Thursday, August 18

On Being Woke and What That Might Mean

I’ve read a lot about the disdain of many conservatives about the concept or actuality of being woke. Governors, council members, school board members, and plenty of others eschew the wokeness. And I cannot help but wonder what they mean by that because I think many use it as a synonym for being liberal or a leftist, or something perhaps more ominous.

Because I like words and I like to research stuff, I did some research.

Before I go any further, I’ll note that I am a moderate Republican and I am a believer in the person and work of Jesus Christ though not inclined to call myself an evangelical. If any of that offends or triggers you, well, stop reading and go find something else to do, please.

I started with an article I found on Fox News, which is not a source I would typically use. The author noted the word “woke” was first published in an essay by William Melvin Kelley in The New York Times in 1962, so I had to go find that. I found it and took one glance at the title of Kelley’s essay and knew I had to learn more about him before I could read his essay.

This is what I learned about William Melvin Kelley starting with an article in The New Yorker from which I got the image to the left. The title of the 2018 article reads "The Lost Giant of American Literature" and its subtitle is "A major black novelist made a remarkable debut. How did he disappear?" And in this article, writer Kathryn Schutz referred to the 1962 essay. I also found a lengthy obituary in The New York Times in which Kelley is described as a writer "who brought a fresh, experimental voice to black fiction in novels and stories that used recurring characters to explore race relations and racial identity in the United States." Kelley was 79 when he died in February 2017. I had never heard of him and I feel that gap in my knowledge and know I will soon have to find some of his work to remedy that situation.

Based, however, on Schulz's work, I feel a better sense of Kelley and what he might have been trying to say in the early 1960s, a time of tumultuous social and civil discord and political upheaval. Sound familiar?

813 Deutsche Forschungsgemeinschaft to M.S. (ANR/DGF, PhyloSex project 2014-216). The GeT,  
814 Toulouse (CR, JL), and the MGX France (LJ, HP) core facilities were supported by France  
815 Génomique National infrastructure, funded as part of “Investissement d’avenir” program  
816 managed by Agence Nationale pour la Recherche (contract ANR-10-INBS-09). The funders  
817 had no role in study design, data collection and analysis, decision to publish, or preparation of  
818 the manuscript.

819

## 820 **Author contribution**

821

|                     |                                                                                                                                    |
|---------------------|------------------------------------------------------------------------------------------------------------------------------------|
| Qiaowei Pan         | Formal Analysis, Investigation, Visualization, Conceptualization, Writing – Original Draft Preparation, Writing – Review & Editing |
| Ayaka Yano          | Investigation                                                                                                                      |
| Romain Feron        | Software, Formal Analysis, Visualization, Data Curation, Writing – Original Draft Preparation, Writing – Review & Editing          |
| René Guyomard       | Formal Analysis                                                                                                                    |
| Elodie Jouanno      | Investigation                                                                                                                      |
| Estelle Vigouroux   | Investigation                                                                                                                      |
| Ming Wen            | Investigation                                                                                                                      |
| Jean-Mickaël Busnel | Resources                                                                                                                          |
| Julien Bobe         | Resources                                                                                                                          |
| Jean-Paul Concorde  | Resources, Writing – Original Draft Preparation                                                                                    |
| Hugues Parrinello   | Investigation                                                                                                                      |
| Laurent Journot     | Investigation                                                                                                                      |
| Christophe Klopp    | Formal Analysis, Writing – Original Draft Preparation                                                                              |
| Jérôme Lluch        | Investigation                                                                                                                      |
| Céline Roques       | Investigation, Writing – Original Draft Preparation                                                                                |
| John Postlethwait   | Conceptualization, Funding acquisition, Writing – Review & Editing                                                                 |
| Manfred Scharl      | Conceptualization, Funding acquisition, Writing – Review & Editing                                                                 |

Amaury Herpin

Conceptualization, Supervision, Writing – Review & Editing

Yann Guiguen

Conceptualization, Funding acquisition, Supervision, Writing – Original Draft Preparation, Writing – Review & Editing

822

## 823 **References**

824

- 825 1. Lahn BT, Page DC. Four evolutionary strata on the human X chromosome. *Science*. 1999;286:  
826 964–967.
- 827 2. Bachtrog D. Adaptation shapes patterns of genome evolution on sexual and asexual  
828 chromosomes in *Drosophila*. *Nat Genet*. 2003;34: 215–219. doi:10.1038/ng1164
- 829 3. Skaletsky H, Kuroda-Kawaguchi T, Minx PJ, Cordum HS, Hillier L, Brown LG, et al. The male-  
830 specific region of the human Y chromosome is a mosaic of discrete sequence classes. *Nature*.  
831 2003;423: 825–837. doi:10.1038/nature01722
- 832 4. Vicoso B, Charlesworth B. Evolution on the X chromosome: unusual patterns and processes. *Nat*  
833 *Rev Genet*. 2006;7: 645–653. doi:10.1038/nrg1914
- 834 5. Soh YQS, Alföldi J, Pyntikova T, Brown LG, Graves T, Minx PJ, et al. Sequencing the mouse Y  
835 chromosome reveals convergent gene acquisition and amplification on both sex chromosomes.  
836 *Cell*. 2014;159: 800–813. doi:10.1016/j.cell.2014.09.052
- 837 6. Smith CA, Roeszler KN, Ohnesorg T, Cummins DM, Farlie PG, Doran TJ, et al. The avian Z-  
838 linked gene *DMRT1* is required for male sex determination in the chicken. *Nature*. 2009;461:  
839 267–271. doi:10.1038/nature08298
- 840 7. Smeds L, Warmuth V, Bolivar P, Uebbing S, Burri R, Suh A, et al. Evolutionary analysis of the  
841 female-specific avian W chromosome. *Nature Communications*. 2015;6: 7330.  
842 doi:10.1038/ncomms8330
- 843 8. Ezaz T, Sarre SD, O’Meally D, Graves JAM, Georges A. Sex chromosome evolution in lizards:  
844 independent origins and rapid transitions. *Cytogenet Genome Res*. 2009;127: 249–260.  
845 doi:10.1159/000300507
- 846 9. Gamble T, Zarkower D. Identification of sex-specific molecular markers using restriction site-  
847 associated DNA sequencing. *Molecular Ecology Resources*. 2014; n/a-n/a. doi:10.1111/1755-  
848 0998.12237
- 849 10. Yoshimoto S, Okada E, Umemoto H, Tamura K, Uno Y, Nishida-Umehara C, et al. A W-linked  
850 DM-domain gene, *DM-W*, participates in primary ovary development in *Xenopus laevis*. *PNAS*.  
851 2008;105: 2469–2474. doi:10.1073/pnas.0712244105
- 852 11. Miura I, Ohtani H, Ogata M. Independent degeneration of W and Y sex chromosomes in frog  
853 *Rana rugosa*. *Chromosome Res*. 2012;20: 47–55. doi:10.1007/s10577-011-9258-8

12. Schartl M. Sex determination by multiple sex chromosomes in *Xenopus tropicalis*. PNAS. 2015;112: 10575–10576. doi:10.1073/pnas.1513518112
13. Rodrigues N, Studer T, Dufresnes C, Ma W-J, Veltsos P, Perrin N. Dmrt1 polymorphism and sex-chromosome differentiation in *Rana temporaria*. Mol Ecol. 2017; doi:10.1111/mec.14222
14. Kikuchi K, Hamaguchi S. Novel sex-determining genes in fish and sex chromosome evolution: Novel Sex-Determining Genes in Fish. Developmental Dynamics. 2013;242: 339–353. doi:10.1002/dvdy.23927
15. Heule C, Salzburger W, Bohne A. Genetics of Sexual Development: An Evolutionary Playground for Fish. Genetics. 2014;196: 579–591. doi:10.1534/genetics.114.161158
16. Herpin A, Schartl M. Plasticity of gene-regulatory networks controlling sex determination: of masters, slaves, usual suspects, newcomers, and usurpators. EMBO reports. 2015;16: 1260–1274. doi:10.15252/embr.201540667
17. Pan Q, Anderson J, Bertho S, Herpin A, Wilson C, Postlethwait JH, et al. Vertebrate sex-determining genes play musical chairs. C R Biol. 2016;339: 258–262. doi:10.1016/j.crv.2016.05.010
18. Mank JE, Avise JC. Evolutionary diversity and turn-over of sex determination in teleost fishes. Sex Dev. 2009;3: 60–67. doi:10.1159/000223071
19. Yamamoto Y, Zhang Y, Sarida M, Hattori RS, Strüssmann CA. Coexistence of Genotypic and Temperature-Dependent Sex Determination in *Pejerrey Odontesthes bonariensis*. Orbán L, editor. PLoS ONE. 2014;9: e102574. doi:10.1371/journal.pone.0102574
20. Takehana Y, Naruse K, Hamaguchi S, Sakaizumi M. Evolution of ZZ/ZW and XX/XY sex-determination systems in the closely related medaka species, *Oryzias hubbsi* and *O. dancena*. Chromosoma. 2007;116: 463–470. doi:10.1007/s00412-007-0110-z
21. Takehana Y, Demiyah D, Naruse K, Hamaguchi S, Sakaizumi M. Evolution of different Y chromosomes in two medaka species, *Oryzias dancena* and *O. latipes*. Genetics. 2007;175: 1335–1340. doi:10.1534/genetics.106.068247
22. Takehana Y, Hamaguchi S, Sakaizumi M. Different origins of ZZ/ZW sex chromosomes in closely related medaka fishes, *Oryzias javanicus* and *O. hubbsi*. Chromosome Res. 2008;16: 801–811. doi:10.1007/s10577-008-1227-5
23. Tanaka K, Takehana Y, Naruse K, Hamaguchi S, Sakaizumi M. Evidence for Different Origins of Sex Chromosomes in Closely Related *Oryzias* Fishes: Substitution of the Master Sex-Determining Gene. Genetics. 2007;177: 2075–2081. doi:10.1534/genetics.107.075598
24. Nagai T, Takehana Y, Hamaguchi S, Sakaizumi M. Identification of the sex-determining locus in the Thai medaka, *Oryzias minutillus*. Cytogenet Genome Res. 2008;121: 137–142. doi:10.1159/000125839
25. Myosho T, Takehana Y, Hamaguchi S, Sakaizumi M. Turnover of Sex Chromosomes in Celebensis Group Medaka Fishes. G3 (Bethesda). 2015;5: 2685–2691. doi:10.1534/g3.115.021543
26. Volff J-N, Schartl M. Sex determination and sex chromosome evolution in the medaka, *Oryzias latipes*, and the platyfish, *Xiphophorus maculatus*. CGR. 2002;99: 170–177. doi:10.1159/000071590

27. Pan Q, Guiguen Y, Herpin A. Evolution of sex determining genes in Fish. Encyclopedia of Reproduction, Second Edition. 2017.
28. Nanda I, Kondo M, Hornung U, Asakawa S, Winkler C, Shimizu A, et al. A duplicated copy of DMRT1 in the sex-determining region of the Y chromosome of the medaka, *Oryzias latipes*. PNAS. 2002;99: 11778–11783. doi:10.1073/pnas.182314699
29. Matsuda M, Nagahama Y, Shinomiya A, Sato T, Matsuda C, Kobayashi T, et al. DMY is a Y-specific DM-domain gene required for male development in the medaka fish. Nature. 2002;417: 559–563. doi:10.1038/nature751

The title of the 1962 essay is "If You're Woke You Dig It." A brief aside: I'm no longer surprised by the number of people who have a complete misunderstanding of American English, of the English language and its Latin roots and numerous borrowed words, and how very little of what we think is "American" or specifically of the United States (because there is more to the continents of North and South America than the United States and all of those other places are also "American" is actually of the United States. I mean, everything that is of our United States version of English came first from somewhere else, and then developed or evolved. Everything. And this essay is a delicious reminder of that fact and the cultural signifiers that are found in idioms.

In Kelley's context, being woke seemed to mean being with it or hip and, in today's context, knowing the latest emojis and that "no cap" means "no lie," or did last year. I am reluctantly resisting the digression that is Kelley to return to why a writer for Fox News referred to his work.

Writer Michael Ruiz reports that "for decades, it meant conscious and aware--but the slang word has come to represent an embrace of progressive activism, as well." He does also refer to Merriam-Webster and The Oxford Dictionary, although I had to do a bit more digger to determine if that was the OED, for those of us who can be dictionary snobs. It wasn't although I did find some interesting definitions in OED. I'll come back to those in a moment.

What does Merriam-Webster offer? Herewith in situ (Latin). It is, as you can see, a very modern definition, although Merriam-Webster also notes the word was first used in 1948 and with this very definition. I found it was used in 1942 in Negro Digest when J. Saunders Redding used it in his "article about labor unions." And then I learned that Jay Saunders Redding was an English professor, a visiting professor at Brown University (1949-50), among other things. Another gap in my knowledge that I must rectify.